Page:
Apr 7, 2017

Early 1967: Dead Praise

THE GRATEFUL DEAD RISE

I first heard them play over a year ago. After the set I wandered up to the bass player (long blonde hair, blue corduroy pants, a yellow velvet shirt) and asked for the name of the group.
"The Grateful Dead."
"What?"
"The Grateful Dead," he said.
It is amazing what this band can do. In a long while of listening to all the "new rock and roll" groups that have come to and from San Francisco, the Dead is the only one (among about 10 in the world) that set after set, weekend after weekend, grabs me out of my chair every time.
The nucleus of the Grateful Dead was a Peninsula band: Mother McCree's Uptown Jug Champions.
Three of the current members were in it: Jerry Garcia, 24, lead guitarist; rhythm guitarist Bob Weir, 19, then a junior in high school and from a social Atherton family (the band played for his sister's debutante party this summer); and Ron McKernan, 21.
Ron is better known as "Pig-pen," an affectionate name having something to do with his rather outrageous appearance. "I began singing at 16. I wasn't in school, I was just goofin'. I've always been singing along with records, my dad was a disc jockey, and it's been what I wanted to do."
He has a rich voice which reaches all the inside places of the pains of life. Noted jazz critic Ralph J. Gleason named Pigpen "one of the major bluesmen in America."
Mother McCree's went on for a while until a year and a half ago they decided to do rock and roll. "Rock is more immediate music; it's closer to what's happening in people's heads."
Bill Sommers, 20, from a Stanford football background, had played in about 10 bands until they asked him to join. Although the best drummer in the Bay Area, he had been holding down a fulltime short-hair job. Bass player Phil Lesh, 28, was the last to join.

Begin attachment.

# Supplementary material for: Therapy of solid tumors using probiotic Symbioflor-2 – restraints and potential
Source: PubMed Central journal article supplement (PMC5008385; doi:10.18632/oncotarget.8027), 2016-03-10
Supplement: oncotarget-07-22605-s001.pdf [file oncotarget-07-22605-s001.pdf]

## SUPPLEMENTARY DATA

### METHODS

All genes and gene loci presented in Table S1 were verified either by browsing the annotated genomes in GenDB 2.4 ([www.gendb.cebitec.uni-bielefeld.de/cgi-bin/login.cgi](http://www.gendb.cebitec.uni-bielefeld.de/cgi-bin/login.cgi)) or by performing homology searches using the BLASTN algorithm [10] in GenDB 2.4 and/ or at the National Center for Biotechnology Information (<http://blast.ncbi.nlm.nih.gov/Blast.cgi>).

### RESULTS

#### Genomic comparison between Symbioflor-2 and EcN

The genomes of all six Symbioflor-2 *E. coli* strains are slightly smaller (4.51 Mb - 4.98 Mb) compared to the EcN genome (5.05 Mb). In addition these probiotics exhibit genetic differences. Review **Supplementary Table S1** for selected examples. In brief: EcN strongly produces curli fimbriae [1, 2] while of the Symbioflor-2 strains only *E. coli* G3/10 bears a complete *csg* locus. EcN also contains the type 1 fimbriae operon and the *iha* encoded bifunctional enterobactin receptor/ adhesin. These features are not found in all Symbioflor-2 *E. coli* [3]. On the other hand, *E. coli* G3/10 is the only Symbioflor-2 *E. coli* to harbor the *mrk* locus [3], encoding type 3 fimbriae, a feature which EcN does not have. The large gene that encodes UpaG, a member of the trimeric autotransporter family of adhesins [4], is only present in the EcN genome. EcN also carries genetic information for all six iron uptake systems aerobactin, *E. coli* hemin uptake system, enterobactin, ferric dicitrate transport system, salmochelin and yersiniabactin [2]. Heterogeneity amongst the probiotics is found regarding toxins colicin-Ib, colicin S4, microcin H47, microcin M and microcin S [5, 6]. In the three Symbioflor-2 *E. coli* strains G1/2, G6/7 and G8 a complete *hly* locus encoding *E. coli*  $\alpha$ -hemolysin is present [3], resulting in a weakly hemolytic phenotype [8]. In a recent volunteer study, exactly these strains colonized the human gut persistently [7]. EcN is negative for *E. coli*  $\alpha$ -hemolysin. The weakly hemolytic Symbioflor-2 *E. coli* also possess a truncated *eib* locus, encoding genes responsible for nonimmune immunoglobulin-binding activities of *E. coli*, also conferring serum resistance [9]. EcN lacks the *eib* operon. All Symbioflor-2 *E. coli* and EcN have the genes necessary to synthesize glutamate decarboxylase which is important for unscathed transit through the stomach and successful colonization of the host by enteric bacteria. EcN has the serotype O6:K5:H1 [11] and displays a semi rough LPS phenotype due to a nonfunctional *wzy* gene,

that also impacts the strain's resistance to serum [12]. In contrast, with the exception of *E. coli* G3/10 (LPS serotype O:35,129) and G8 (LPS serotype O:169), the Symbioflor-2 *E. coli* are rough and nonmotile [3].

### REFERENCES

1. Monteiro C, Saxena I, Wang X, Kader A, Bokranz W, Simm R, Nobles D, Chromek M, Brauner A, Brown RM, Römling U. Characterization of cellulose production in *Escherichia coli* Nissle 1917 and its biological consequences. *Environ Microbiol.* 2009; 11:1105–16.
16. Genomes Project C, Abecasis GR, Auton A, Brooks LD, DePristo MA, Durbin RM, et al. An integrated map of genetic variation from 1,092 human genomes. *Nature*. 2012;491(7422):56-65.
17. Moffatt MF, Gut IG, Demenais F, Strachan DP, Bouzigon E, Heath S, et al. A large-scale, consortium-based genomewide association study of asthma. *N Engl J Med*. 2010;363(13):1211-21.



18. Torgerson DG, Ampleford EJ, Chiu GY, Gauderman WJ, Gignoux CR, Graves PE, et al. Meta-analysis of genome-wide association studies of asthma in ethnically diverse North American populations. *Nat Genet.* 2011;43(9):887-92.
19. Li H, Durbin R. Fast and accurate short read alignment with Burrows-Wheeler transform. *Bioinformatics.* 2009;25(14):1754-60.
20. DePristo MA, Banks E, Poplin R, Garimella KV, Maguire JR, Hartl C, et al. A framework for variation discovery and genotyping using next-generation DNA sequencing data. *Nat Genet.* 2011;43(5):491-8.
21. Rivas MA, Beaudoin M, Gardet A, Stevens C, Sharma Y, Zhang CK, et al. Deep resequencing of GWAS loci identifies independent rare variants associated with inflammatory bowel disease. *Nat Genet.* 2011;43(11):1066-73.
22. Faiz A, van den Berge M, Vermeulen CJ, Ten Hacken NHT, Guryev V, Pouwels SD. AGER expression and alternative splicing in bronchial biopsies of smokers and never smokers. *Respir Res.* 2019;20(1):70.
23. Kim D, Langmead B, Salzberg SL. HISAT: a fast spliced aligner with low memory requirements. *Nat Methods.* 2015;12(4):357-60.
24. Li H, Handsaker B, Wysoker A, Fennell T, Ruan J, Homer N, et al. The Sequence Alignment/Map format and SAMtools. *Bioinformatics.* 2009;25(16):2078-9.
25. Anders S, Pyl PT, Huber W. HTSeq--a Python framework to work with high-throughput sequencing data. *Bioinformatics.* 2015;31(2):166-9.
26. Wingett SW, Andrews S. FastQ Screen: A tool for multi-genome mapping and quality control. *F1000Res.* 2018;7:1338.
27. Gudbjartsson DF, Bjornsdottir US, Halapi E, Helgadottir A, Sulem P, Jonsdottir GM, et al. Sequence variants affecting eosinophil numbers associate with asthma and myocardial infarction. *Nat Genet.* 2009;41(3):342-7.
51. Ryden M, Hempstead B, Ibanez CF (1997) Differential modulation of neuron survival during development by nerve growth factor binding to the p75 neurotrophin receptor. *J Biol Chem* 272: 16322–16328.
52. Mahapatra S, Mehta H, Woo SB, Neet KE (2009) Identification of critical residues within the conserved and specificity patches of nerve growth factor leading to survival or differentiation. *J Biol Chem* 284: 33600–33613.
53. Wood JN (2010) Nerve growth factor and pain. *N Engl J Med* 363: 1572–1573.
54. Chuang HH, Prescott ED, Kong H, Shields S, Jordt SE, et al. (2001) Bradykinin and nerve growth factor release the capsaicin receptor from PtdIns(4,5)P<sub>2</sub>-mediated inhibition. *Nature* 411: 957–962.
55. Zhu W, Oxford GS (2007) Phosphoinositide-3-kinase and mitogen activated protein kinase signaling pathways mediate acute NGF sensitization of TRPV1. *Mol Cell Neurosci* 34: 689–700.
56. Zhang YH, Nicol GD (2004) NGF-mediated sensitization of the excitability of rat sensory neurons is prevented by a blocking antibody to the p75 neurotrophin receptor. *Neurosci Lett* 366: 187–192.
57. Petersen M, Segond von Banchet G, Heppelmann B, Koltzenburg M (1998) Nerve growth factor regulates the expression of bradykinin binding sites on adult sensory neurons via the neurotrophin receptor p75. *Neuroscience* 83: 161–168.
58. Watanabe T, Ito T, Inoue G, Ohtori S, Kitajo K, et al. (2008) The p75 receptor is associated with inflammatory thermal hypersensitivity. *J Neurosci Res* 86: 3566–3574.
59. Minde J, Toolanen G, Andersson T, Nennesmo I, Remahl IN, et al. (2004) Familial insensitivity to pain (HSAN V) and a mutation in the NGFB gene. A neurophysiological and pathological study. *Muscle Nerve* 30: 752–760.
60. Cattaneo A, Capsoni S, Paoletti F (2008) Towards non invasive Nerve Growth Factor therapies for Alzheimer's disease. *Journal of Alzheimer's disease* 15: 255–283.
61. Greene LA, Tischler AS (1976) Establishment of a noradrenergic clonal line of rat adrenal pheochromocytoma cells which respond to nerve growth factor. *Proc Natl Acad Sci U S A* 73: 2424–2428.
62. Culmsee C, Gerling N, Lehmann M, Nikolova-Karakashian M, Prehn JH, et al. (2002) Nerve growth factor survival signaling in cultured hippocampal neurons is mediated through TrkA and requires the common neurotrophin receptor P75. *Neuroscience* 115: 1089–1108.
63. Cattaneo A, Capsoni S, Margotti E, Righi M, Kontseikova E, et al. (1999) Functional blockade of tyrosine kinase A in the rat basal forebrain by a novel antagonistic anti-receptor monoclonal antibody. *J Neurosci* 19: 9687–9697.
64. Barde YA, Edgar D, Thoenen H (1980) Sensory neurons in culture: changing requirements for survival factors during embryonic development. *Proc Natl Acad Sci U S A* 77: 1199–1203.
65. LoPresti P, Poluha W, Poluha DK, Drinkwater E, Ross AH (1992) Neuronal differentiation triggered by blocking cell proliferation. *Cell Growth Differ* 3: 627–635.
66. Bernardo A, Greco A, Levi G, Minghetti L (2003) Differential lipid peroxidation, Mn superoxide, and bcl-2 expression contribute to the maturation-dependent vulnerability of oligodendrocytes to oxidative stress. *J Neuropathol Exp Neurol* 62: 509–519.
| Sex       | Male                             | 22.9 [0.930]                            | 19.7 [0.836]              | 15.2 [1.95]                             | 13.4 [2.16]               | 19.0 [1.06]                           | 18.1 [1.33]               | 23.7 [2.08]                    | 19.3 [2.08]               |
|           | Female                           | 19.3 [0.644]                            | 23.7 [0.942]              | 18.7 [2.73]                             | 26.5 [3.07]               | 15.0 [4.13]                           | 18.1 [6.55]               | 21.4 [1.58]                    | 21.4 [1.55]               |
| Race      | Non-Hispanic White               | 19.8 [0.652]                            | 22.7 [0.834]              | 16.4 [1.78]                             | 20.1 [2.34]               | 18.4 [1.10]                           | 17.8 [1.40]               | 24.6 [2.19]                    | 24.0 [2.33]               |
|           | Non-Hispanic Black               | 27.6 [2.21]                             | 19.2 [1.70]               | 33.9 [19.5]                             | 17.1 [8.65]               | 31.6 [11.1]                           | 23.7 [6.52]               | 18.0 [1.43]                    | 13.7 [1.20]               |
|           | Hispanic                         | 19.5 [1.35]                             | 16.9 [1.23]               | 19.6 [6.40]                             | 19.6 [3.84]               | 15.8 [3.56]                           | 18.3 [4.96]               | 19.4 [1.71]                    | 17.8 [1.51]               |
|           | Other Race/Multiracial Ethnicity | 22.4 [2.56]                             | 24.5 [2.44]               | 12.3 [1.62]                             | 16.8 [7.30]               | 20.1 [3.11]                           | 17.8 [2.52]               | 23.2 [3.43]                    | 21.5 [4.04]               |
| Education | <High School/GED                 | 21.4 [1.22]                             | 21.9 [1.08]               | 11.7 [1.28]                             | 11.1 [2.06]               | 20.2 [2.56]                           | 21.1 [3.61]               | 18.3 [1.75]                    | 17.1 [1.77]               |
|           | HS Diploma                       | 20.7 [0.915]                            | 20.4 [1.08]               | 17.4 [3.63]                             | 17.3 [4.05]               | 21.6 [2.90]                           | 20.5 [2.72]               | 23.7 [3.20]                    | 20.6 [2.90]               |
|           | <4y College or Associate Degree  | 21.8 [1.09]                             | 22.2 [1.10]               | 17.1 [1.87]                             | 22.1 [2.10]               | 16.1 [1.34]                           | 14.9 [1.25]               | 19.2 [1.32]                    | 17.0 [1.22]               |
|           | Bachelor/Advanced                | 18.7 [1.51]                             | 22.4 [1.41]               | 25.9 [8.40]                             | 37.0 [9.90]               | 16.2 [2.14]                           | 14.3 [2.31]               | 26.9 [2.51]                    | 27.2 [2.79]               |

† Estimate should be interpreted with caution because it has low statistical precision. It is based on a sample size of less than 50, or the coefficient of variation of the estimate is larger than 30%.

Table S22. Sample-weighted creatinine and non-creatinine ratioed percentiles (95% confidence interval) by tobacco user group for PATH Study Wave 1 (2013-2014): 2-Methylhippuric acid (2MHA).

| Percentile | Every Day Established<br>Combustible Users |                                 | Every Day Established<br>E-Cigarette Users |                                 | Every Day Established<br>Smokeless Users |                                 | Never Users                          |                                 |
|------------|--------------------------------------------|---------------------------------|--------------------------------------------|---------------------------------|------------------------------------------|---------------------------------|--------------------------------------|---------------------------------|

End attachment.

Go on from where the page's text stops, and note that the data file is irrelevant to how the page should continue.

The Grateful Dead (look the phrase up in Webster's) spent six months "in the woodshed" between Los Angeles, San Francisco, and Vancouver.
"Woodshedding" was working out new material, tightening arrangements, living, suffering and starving together, a process which, like the Beatles in Germany, brings a group so close in their minds and their music that they can make the group sound a greater total than the sum of five individuals.
It will be difficult to capture the spirit and excellence of this group on a record. (They are now with Warner Brothers.) One of the great pleasures of the group is their incredible stage presence. They have fun.
Jerry sings very sadly and quietly, especially on numbers like Dylan's "It's All Over Now, Baby Blue." Pigpen plays the harmonica and organ, both in a style which is best described as alternatingly marauding and mysterious.
Phil and Jerry do most of the writing.
"The lyrics are nonsensical and banal," they explain.
"You just do what you do," Phil says, "and we all kind of fell together. We orbit around a common centre. It is impossible to define but it has something to do with making good music of any kind. That's the Grateful Dead."

(by Jann Werner, from the Ottawa Journal, 5 May 1967)

Thanks to Dave Davis.